“And without controversy great is the mystery of godliness: God was manifest in the flesh, justified in the Spirit, seen of angels, preached unto the Gentiles, believed on in the world, received up into glory”.
If you use a modern English version, you won’t have this reading which is such a powerful testimony to the deity of Jesus Christ; indeed, it is one of the clearest declarations that Christ is truly God; and you will be very much the poorer for its absence in your bible. This verse is an early creed with clear statements of doctrine, and at the top of this creed is the central doctrine that God became truly human. Without this fundamental and crowning statement, the others don’t have any value for us. If the Divine Son of God did not become truly human and die in our place, our sinless Substitute and atonement, what does it matter if he was justified in the Spirit, seen of angels, and received up into glory? Is he not that anyway? And what does it matter if he was preached unto the Gentiles and believed on in the world – what would be the point? What would we be putting our faith and our trust and believing in – a great teacher? There are plenty of great teachers for us to choose from. A great example, then? What good is that to fallen sinners who are at enmity with God? What did he achieve for us if he was not God manifest in the flesh? He couldn’t die in our place if he wasn’t human, and his death would be of value only to himself if he wasn’t God; so who really cares about what else he did, however kind, loving and noble? I speak metaphorically, of course – the things that Jesus did are important, but if we don’t have salvation, we will end up in hell; consequently, no matter how lovely Jesus is, we’d never be able to have anything to do with him. Without his being God and born as a human being, all the rest is useless to our eternal salvation, and we’ll languish in hell, for ever without him.
So what reading do the modern versions based on the Critical Text have if they don’t tell us that it was God who was manifest in the flesh? Instead of “God”, they have “He” or “Who”, or “He who”, or “Which”, or “the one”. A couple even have “Christ”, but even that isn’t an unequivocal declaration that Jesus is God. And besides, the word “Christ” isn’t even in the text. A Jehovah’s Witness can say that Christ came in the flesh but they don’t believe that he is Jehovah. Even a Muslim will say that Jesus was born of the Virgin Mary and thus came in the flesh, but they categorically deny his deity. Unless you have a King James Bible, you will be without the clearest statements of Jesus’ divinity. And with all the enemies ranged against us as Christians, we need every such verse with all their clarity and unequivocal and unapologetic definitions we can get.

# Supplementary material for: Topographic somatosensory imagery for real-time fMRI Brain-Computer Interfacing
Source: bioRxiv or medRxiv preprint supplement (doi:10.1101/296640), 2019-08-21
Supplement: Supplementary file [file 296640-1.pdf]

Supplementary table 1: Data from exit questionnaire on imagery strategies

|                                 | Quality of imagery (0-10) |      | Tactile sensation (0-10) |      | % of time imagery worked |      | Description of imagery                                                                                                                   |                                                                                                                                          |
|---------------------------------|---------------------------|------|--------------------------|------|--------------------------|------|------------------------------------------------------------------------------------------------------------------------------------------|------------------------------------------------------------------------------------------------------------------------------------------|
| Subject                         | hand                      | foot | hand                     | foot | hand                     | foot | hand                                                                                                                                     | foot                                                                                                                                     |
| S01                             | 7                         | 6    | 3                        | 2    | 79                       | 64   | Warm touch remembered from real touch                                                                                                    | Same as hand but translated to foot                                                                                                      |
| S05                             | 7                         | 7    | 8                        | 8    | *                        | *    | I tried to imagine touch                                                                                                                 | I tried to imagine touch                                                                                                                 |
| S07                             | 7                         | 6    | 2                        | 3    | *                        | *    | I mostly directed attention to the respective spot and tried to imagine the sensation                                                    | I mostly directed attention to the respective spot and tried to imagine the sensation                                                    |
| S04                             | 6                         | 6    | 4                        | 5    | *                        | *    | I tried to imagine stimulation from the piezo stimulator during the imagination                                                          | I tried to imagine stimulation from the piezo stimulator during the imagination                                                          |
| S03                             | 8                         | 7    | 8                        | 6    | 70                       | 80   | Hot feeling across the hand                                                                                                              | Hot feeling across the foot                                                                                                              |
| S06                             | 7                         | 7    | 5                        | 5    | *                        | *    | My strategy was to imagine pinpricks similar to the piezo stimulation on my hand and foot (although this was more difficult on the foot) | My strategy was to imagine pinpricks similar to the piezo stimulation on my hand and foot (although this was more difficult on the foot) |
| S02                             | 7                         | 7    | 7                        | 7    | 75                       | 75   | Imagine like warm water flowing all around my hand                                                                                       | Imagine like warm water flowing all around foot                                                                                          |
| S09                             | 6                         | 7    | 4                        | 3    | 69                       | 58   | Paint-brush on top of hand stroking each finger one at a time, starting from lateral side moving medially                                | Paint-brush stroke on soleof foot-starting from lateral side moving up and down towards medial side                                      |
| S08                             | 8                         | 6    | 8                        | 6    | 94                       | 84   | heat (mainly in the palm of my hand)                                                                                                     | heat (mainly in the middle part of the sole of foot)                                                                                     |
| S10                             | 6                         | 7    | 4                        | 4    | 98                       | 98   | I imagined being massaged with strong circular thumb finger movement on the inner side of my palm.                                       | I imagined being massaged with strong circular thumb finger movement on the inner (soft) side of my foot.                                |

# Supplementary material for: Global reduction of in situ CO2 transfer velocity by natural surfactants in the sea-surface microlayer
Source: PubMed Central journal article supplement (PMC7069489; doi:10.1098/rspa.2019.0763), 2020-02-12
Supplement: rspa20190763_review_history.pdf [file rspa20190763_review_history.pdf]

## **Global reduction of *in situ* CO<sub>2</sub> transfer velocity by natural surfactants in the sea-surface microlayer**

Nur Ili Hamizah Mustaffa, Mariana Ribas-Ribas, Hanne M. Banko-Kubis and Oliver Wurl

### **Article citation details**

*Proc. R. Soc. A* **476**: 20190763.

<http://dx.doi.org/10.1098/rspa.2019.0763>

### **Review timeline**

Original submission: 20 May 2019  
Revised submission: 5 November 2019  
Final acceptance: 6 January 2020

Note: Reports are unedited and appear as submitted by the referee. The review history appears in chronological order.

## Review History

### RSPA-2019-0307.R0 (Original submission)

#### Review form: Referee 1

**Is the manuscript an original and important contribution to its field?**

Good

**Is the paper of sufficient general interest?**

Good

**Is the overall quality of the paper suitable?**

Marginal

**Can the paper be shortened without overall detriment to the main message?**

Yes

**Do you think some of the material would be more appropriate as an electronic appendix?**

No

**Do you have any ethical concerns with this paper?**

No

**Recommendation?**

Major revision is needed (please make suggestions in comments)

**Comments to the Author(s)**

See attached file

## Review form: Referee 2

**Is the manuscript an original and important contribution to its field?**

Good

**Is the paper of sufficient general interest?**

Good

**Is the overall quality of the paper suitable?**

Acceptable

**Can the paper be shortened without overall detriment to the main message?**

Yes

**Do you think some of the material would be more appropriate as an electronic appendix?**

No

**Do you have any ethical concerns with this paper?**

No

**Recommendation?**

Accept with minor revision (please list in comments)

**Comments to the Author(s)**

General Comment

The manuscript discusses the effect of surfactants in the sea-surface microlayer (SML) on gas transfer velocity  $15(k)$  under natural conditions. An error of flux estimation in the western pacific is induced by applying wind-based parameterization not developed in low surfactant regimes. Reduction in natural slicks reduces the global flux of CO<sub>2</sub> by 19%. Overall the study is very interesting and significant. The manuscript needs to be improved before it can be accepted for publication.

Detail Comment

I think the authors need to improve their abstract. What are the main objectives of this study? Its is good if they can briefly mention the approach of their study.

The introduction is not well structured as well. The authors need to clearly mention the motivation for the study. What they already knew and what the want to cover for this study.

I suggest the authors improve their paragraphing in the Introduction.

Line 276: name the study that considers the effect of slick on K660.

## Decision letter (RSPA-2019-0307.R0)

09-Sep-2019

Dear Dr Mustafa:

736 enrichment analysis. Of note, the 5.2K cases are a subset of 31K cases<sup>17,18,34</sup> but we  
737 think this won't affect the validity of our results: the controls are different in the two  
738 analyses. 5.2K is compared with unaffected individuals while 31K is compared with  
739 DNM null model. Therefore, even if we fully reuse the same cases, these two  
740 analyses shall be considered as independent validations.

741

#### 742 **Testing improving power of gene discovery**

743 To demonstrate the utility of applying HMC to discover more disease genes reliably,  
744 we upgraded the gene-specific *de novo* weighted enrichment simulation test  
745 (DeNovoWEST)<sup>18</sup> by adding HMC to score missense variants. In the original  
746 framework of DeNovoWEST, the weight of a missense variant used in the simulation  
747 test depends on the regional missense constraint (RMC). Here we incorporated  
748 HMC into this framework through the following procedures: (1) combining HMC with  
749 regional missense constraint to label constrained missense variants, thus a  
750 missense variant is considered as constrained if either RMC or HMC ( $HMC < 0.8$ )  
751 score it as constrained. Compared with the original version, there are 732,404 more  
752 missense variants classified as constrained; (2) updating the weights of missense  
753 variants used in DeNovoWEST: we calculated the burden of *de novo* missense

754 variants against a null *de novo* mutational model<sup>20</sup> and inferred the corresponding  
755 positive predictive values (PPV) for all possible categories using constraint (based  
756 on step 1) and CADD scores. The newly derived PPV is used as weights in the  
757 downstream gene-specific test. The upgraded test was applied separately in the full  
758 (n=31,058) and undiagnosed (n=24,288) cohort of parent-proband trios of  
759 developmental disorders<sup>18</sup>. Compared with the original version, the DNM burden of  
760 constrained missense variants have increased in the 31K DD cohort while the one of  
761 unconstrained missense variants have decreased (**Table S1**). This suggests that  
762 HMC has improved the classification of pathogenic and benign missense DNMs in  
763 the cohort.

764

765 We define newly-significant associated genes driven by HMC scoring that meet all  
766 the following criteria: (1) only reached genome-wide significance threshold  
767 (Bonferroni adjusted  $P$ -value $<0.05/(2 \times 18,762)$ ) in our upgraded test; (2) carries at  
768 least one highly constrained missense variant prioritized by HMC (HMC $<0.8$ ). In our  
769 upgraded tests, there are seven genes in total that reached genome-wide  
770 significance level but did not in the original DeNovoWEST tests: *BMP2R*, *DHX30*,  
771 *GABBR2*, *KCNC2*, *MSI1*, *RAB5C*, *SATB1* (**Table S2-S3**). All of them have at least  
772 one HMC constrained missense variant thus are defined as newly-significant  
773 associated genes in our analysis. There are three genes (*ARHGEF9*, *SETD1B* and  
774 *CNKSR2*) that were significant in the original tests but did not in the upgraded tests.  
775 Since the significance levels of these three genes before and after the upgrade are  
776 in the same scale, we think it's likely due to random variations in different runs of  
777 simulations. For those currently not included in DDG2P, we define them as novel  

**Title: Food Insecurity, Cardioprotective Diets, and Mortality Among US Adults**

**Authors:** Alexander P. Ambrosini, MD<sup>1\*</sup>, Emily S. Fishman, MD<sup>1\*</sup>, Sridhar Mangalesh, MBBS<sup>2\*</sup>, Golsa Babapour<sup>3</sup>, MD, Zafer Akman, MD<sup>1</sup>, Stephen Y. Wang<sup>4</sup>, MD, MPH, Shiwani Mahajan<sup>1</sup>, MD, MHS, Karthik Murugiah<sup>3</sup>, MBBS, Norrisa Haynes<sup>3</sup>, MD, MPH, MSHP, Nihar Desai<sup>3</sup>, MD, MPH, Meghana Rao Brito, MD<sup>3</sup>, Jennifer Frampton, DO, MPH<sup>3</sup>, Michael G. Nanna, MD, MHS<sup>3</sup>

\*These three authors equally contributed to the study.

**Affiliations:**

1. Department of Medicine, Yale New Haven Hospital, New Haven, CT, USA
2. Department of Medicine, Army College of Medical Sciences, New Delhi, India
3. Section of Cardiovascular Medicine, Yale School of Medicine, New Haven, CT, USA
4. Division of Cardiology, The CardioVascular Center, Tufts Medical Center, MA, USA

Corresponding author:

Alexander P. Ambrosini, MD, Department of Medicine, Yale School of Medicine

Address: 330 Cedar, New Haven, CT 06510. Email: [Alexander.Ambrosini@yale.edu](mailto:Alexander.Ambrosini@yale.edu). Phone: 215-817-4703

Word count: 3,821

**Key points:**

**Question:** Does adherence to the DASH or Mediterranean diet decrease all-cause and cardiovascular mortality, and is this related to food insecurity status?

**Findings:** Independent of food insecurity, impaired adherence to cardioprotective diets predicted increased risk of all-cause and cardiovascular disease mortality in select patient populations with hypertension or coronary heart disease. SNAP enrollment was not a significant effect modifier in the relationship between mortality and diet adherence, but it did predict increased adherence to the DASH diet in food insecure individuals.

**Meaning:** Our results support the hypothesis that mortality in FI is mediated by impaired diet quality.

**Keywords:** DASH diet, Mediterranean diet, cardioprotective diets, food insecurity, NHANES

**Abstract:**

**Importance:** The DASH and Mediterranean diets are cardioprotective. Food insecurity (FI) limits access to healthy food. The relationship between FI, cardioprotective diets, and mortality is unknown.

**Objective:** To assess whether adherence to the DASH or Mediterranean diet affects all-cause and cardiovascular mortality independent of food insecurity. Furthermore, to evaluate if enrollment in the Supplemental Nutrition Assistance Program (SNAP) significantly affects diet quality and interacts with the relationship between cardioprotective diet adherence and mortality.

Which is correct, and how did it happen?
The Greek word for “God” is “Theos” and it consist of three letters – the first letter, “th”, is named “theta”; The second letter, “e”, is named “epsilon”; the third letter, “s”, is named “sigma”. Theta is signified by “O” with a bar or stroke across the centre; sigma is signified by a symbol identical to our capital “C”. It was normal practice for scribes when copying the early manuscripts to write everything in capital letters, or “uncials”; and it was also normal for them to abbreviate the name of God to Theta Sigma, with a short line above the word to indicate it had been shortened. Thus, “God” appears as “OC” with a little stroke through or across the centre of the “O”, with both letters beneath a small horizontal line.
There is another word in Greek which is almost identical to the contracted form of God; it is the word for “who” or “which” or “that”. It consists of two letters – the first letter is named “omicron” and is signified by “O”. The second letter is named “sigma”. So “who” appears as “OC”, and the difference in appearance between “Theos” and “who” is a little stroke of the pen. When copying these words it would be very easy for a scribe to miss the pen stroke in the letter “theta”, especially if the manuscript was worn and faded, and would therefore be written as “O”.
The verse only makes sense and becomes significant if it reads “God was manifest in the flesh”. To say “Christ was manifest in the flesh” is obvious, because he was a man, and it doesn’t necessarily ascribe deity to him anyway. To say “who” or “which” or “that” was manifest in the flesh doesn’t make sense. You don’t usually start a sentence with a relative pronoun out of the blue – it must refer to something antecedent to itself. But there is nobody in the passage to whom it could refer except God (verse 15). And the word “he” isn’t even in the text; it had to be inserted into it by the translators to try and make the verse more intelligible than leaving it as “who”, “which” or “that”.
“Without a doubt, the Scripture says, ‘God was manifest in the flesh.’ The vast testimony of history shows us clearly that the word in question is ‘God’, not ‘he’ or ‘who’” (Daniels, D. 2003, p 62).
Daniels, David W. 2003, “Answers to your Bible Version Questions”, Chick Publications, Ontario, California
TBS booklet “God was Manifest in the Flesh: 1 Timothy 3:16”, publ. Trinitarian Bible Society, London, England, copyright 1993, 2002